The New York Times had a more modest sense of the funding, noting, “At one point it (DOE) anticipated a $452 million program over five years, but so far Congress has appropriated only $67 million. The department is asking for another $65 million for the fiscal year that began on Oct. 1. Also, the department has not said how much it was providing to Babcock & Wilcox.”

B&W CEO James Ferland welcomed the funding. “With this public-private partnership, the DOE is providing important national leadership for America in the global pursuit of SMR technology,”  he said. “This partnership is essential to reestablishing our nation’s international competitiveness in the nuclear energy industry, as well as enhancing U.S. manufacturing infrastructure and energy independence. “

The company wasted no time in demonstrating momentum. About a week after winning the funding, it announced it had contracted Bethlehem, Pennsylvania-based Lehigh Heavy Forge Corp. to fabricate the shell.

WESTINGHOUSE A CONTENDER

B&W is believed to have beaten rivals Westinghouse and NuScale for the award.  DOE said it still plans to fund other SMR projects. Westinghouse is developing an SMR that is a smaller version of its large AP1000 “passively cooled” reactor.

But Westinghouse is also partnering with DOE and China on the development of alternative design reactors that can run on thorium or uranium.

The award to B&W is an encouraging sign that DOE is investing outside the traditional nuclear box.  It would be no small development if DOE were to next apply some of its $450 million modular budget to altogether different reactor designs, not just reduced-sized ones.

Photo: Nancy Pierce via Charlotte Business Journal

Comments

  1. Martin Kral says:

    When comes to today’s nuclear plants, I just don’t see size as the critical problem. Waste (also potential fuel for Gen IV reactors) is the number one issue and that is the primary focus of all the anti-nuke groups. I do not consider this arrangement a victory for the nuclear industry. In previous blogs here at this site, it has been written that China and Russia are investing in the better solutions. The proposed DOE 2013 budget has a 10% decrease in Nuclear Technology overall and most of the money is for waste management storage solutions. Where is this innovative leadership that President Obama keeps talking about?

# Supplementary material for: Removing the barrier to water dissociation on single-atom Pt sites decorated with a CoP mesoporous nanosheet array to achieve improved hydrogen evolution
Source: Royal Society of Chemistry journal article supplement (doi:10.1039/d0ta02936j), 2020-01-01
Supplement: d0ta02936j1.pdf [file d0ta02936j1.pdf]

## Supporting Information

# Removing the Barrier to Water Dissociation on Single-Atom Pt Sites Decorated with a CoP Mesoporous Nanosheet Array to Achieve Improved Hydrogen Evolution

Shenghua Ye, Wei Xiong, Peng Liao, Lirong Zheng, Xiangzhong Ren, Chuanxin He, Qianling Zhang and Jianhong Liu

2. Martin Kral says:

    I had to go back and reread the DOE 2013 proposed budget objective for SMR. I have determine there isn’t really any new reactor technology, but just a smaller way to house existing reactor technology. I really don’t understand why this is being funded as a 50/50 public/private project. If the sizing doesn’t help the Gen IV reactor designs, then it shouldn’t be subsidized unless they are going to be useing liquid fuels. Gen IV MSRs don’t need cooling towers, pressurized containers or spent fuel storage facilities.

    Here is what is documented as the goals in the proposed 2013 budget report for SMR:

    Challenges that the program expects to address in executing
    its mission include:

    • Working with industry partners to assure the
    public and our Congressional stakeholders that
    SMRs can meet or exceed the safety standards
    and profiles of the newest plant technologies.

    • Assisting industry in determining whether SMRs
    can compete economically with existing electricity
    generating technologies.

    • Promoting the timely and efficient execution of
    SMR licensing to deploy not only the first-mover
    SMRs, but also a fleet of SMR generation capacity
    to meet the nation’s greenhouse gas emission
    reduction and affordable energy goals.

    I must be missing something because I don’t get it.